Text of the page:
How can I manage and improve my credit rating? | Kaleido Blog Article
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How can I manage and improve my credit rating?

Kaleido's Blog

Written by: Kaleido

October 30, 2023

When you rented or purchased a home, applied for a credit card or bought a car, you probably heard the term “credit rating” or “credit score.” But how is a credit rating calculated and used? What impact does it have on your loans? To find out more, check out this financial column by financial planner Julie St-Cyr.

Why is a good credit rating important?

Your credit rating is one of the pieces of information in your credit report. It helps lenders assess the level of risk when they give you credit or a loan. In other words, creditors want to know that your loan will be repaid, your credit payments made on time and your rent paid.

If you have a good credit rating, you’ll find it easier to obtain credit, a line of credit, a loan, a home or a vehicle, and you may get better interest rates.

What number is considered a good credit rating?

Calculated using a mathematical formula, your credit rating is a number between 300 and 900 that determines your creditworthiness:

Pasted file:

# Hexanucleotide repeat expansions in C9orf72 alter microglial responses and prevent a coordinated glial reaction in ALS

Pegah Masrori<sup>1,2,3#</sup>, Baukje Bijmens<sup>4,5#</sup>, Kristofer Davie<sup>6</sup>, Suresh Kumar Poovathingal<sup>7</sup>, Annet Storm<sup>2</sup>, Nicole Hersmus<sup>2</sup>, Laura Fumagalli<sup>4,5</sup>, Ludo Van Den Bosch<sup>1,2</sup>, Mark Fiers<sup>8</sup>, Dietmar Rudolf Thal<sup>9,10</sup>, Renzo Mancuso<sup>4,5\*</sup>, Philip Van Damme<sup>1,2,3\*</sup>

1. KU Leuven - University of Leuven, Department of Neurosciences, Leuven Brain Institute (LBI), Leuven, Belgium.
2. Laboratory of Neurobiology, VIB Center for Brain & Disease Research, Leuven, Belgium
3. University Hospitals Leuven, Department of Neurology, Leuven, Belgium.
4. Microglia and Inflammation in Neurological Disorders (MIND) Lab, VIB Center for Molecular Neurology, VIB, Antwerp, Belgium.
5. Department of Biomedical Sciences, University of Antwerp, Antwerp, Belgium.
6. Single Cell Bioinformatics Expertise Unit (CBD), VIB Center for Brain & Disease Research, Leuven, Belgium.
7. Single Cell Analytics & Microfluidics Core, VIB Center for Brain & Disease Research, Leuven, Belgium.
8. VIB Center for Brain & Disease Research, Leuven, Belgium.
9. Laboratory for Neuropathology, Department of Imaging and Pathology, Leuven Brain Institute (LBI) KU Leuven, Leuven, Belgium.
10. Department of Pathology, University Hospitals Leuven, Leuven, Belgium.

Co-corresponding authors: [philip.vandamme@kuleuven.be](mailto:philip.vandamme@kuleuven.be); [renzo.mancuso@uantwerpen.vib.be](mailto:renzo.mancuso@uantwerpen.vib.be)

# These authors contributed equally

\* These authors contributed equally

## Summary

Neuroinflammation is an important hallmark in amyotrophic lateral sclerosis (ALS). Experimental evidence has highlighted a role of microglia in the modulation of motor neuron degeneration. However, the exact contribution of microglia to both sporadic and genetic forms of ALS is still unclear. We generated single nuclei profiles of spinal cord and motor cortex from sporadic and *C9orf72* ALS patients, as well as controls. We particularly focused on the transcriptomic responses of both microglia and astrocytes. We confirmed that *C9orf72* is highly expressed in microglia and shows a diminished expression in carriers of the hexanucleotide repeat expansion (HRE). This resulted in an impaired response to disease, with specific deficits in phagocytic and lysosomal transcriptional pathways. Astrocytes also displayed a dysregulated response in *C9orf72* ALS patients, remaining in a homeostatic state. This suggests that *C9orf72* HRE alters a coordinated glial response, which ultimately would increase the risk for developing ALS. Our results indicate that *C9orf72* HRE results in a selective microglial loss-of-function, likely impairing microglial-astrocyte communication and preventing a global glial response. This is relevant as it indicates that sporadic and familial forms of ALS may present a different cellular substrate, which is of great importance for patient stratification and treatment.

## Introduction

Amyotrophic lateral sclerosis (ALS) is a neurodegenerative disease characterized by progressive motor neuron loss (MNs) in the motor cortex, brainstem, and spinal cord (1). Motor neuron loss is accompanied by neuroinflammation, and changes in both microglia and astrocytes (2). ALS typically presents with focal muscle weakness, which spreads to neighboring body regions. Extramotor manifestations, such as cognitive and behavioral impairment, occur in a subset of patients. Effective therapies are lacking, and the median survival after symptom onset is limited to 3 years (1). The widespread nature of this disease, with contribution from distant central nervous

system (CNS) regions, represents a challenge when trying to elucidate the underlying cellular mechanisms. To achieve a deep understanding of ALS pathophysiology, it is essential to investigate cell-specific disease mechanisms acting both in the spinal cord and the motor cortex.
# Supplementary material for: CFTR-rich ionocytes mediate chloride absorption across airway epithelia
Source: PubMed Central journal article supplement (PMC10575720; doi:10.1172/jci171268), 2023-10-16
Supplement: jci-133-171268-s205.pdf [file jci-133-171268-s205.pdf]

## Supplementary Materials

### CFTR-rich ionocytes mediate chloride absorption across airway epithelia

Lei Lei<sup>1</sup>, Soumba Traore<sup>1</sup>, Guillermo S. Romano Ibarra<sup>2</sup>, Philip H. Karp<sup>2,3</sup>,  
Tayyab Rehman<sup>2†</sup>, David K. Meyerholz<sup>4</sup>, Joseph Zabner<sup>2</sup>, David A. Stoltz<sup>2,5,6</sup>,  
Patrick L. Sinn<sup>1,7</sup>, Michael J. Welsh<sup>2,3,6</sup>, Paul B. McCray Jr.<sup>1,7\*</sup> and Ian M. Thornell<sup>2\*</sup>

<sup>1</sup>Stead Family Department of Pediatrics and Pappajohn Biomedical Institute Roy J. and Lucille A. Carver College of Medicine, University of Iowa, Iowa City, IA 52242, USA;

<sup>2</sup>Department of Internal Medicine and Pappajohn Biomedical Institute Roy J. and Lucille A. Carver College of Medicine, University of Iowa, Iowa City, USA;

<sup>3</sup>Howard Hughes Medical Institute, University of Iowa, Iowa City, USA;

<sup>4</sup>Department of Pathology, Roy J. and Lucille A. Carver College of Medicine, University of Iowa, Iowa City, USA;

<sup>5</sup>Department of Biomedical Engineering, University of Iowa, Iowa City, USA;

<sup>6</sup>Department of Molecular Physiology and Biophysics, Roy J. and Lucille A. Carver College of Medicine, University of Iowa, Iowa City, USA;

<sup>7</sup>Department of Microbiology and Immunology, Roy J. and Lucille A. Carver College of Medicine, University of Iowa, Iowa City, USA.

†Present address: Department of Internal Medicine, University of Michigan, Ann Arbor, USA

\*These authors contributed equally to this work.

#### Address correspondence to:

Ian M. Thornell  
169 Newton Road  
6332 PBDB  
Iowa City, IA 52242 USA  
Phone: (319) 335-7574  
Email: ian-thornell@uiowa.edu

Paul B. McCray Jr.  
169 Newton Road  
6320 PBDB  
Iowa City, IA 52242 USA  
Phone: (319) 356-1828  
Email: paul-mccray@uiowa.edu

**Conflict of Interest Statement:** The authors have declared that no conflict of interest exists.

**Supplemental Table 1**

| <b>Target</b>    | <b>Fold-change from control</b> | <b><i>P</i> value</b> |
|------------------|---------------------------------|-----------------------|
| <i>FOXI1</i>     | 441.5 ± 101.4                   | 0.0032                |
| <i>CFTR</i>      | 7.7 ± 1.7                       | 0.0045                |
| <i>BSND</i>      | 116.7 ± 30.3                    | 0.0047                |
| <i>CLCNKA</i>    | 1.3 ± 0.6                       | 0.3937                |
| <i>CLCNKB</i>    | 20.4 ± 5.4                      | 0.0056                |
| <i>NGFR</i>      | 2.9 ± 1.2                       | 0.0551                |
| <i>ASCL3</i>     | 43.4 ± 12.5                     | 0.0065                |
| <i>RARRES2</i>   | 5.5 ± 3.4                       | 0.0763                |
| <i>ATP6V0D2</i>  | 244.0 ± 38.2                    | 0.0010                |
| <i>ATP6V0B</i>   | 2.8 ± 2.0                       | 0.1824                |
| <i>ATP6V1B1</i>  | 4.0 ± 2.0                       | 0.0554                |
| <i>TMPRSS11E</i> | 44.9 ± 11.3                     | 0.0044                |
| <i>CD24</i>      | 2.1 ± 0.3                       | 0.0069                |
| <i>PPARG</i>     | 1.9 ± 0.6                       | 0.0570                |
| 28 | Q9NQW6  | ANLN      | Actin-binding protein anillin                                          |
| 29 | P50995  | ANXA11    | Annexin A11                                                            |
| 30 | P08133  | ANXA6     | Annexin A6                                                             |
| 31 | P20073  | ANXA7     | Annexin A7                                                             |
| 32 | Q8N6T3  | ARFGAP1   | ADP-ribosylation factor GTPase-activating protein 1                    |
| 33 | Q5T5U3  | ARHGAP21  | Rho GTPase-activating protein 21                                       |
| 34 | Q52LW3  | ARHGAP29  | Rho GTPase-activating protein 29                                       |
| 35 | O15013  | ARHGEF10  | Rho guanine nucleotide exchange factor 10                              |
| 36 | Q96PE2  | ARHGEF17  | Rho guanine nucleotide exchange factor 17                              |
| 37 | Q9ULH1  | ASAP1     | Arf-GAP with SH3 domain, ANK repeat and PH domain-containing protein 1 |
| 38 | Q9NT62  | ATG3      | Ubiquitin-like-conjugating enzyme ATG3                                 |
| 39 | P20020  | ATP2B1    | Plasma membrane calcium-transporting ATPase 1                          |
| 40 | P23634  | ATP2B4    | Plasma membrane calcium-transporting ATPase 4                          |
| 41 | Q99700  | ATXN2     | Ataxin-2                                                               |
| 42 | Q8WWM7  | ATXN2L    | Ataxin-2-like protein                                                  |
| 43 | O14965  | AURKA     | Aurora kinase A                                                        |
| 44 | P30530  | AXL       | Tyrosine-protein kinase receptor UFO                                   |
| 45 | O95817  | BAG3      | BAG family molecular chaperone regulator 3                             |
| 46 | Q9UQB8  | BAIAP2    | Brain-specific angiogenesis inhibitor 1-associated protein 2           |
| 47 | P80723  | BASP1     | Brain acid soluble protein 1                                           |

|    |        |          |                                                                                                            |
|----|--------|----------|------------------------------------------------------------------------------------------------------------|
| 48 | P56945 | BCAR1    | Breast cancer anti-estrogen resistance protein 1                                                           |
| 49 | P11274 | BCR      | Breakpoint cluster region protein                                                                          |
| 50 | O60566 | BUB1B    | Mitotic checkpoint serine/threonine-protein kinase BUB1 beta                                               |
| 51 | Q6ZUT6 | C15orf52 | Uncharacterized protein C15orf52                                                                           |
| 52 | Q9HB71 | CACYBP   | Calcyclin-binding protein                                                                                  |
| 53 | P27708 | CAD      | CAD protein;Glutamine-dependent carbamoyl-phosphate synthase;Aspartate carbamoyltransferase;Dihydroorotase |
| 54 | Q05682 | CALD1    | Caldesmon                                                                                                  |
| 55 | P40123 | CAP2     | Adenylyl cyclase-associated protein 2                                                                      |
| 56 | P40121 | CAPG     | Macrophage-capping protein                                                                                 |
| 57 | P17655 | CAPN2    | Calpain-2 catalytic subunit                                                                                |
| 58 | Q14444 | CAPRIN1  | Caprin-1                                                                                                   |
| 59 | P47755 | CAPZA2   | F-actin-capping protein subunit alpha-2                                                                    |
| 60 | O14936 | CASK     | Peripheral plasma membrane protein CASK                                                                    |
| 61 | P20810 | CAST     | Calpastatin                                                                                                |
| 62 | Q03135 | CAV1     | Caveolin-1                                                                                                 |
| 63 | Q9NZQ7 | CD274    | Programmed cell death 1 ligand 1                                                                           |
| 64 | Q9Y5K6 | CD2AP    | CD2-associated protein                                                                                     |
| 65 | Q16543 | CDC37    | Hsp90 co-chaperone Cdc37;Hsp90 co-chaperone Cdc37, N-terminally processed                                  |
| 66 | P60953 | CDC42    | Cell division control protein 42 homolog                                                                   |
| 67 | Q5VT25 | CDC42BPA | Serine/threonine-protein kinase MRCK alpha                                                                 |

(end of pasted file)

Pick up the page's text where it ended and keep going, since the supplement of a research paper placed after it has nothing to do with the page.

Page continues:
• Between 660 and 900 is considered good, very good or excellent
  • Below 660 makes you less likely to qualify for better credit terms
  • Below 560 is considered poor, which means more difficulty obtaining credit or a low-interest loan

However, lenders use different credit rating models depending on the business they’re in. As a result, the values obtained may differ significantly.

Even though a high rating is preferable, there is no perfect value for getting the best rates and terms, as each financial situation is unique1.

How is your credit rating determined2?

Your credit rating is based on five factors that affect your score:

  • Your payment history (35% of score): Payments overdue by more than 30 days are noted in your report for several years, regardless of the amount.